ripple tank Spring 2004

## Capstone (Math 451H) Spring 2004: Theory design and use of a ripple tank to illustrate linear wave phenomena

A large-size ripple tank, 48 in x 30 in with water depth up to 2 in, was set up to study linear wave phenomena.

The main purpose of the project was to analyze and demonstrate diffraction - loosely, the ability of a wave to `slightly bend around a corner' or other sharp edge in its path, or - for light - to blur the light-dark boundary at the edge of a shadow.

Diffraction can occur in different types of linear waves, but the ripple tank uses waves or ripples on the surface of water below air to demonstrate it. First, we wanted to understand the behavior of this particular type of wave, and began by studying the equations that govern the motion of a fluid, and the conditions that hold at a water-air interface. From this, we found the `dispersion relation' that must be satisfied by time-harmonic, linearized waves propagating on the surface of water, which gives their speed as a function of their wavelength and the water depth.

This introduced the distinction between `dispersive waves', such as those at the water-air interface of the ripple tank, and `non-dispersive' waves, such as those governed by the classical wave equation of, for example, acoustics. Non-dispersive waves have a propagation speed that is independent of their wavelength, while for dispersive waves speed depends on wavelength. We also found out how, by selecting the water depth appropriately, the ripple tank could be operated in such a way that dispersion of waves was minimal. So, in our studies of diffraction, while the analysis was often based on the classical wave equation - because of its relative mathematical simplicity, and with its non-dispersive waves - we used the ripple tank (with its dispersive waves) to observe the effect experimentally.

The distinction between dispersive and non-dispersive waves turned out not to matter for our studies of diffraction - because our old-and-borrowed wave generator could reliably produce a good, single-frequency (or `monochromatic') harmonic wavetrain. Here is an example, below. The dark corner in the foreground is showing that the point light source we used would not illuminate the whole area of the tank well - if we moved the light, we saw waves there.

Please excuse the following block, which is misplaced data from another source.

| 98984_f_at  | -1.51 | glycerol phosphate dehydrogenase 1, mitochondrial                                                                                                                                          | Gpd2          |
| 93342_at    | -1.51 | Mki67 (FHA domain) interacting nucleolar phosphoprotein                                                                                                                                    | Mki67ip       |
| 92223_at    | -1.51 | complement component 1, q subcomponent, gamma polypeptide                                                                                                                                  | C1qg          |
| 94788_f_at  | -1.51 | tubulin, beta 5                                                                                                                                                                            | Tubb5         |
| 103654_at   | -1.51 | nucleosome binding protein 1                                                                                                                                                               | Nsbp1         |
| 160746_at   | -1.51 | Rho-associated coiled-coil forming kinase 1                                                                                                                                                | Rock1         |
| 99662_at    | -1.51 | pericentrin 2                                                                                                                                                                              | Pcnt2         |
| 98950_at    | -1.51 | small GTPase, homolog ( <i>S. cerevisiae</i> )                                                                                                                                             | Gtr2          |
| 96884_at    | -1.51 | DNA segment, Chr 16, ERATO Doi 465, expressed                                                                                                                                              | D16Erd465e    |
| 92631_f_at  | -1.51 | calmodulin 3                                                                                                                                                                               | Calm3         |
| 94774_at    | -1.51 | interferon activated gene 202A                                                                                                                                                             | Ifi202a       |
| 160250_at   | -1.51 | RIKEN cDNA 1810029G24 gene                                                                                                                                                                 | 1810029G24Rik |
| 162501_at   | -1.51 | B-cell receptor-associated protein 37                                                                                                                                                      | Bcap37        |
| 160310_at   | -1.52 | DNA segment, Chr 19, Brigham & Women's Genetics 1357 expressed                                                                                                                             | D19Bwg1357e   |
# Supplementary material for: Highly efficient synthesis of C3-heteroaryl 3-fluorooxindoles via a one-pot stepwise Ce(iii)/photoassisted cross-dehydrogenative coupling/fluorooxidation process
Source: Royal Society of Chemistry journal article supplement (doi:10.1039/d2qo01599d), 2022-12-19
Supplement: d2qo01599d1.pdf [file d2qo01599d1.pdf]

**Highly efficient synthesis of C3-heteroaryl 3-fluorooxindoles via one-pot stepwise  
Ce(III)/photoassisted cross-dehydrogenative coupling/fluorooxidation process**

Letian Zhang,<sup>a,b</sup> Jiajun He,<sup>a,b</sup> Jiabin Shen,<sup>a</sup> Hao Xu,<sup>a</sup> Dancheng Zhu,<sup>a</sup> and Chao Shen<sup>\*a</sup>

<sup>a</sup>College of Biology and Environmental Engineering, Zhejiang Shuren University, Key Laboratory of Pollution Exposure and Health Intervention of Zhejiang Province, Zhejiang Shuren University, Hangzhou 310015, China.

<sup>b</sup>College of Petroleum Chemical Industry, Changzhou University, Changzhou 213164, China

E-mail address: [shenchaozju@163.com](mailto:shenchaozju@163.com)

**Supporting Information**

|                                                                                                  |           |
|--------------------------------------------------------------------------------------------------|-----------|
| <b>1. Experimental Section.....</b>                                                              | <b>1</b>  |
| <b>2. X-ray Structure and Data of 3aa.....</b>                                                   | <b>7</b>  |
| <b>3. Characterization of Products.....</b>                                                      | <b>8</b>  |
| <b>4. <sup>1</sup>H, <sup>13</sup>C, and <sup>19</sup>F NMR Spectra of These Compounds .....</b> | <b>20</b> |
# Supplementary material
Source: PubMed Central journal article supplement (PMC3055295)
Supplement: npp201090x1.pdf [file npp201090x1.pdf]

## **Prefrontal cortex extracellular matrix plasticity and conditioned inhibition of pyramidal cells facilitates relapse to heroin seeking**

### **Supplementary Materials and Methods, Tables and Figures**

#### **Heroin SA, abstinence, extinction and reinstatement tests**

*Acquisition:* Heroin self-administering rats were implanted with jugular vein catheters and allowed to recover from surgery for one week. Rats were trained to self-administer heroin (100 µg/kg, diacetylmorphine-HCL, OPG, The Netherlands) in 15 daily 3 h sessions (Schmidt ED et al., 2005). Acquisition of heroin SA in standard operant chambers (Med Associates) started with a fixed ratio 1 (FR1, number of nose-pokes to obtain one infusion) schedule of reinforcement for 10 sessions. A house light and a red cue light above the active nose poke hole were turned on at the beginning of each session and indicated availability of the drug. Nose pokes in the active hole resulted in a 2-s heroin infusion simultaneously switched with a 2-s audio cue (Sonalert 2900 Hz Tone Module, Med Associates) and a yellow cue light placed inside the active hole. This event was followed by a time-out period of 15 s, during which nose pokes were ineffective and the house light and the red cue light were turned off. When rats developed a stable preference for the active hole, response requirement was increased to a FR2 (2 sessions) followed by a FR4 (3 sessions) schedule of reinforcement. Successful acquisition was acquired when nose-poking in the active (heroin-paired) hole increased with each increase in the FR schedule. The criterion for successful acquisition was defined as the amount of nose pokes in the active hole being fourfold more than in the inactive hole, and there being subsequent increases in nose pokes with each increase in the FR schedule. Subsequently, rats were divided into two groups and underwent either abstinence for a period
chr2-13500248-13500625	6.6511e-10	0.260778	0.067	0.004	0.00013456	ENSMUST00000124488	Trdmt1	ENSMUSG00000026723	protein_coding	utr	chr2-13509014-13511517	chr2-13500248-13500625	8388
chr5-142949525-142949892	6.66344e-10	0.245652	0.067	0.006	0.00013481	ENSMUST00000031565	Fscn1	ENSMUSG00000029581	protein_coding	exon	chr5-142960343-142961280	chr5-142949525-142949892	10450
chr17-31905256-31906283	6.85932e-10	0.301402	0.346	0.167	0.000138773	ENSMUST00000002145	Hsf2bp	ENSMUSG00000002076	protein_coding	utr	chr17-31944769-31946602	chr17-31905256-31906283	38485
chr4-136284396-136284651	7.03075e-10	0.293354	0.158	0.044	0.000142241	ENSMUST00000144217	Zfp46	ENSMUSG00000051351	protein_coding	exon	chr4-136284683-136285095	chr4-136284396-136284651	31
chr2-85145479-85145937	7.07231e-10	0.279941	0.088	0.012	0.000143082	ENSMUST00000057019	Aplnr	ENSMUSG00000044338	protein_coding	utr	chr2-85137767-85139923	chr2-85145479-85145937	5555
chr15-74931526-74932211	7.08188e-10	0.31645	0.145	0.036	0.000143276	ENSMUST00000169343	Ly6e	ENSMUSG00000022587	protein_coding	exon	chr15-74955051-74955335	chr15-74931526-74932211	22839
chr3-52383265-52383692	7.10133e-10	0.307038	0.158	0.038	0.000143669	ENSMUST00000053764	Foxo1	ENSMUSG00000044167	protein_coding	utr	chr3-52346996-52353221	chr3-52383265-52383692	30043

• We looked at the `Sommerfeld problem' for diffraction from the edge of a half-plane. The picture below shows the effect experimentally using the ripple tank, with the half-plane barrier at top-right.

• Below are two views showing diffraction by a single slit or aperture of width about 7 wavelengths. We used approximate analytical methods to describe `Fresnel' diffraction, which occurs around the light-dark boundary or beam-edge near the source, and `Fraunhofer' diffraction, which occurs far from the source. The diffraction fringes of theory can be seen in these images fairly well.

• To understand dispersion, we used the dispersion relation to compute water surface profiles at a sequence of times after the release of an initial square-shaped hump of water. (See, for example: Mathematics Applied to Continuum Mechanics, by Lee Segel. Dover Publications, 1987, Chapter 9.) The sequence of profiles (below) shows ripples propagating away from the initial disturbance and `breaking up' or dispersing into longer waves that travel faster, and therefore appear at the front of the disturbance, and shorter waves that travel more slowly and stay at the back.

• We tried to demonstrate this using the ripple tank, with the initial disturbance made by pressing a ruler down into the water. The results after a few attempts were mixed - but perhaps if you download the movie and watch it slowed down, you will see longer waves passing through or overtaking shorter waves as they travel from the right to the left of the picture.
• Movie: Ripple Tank Demonstration of Dispersion.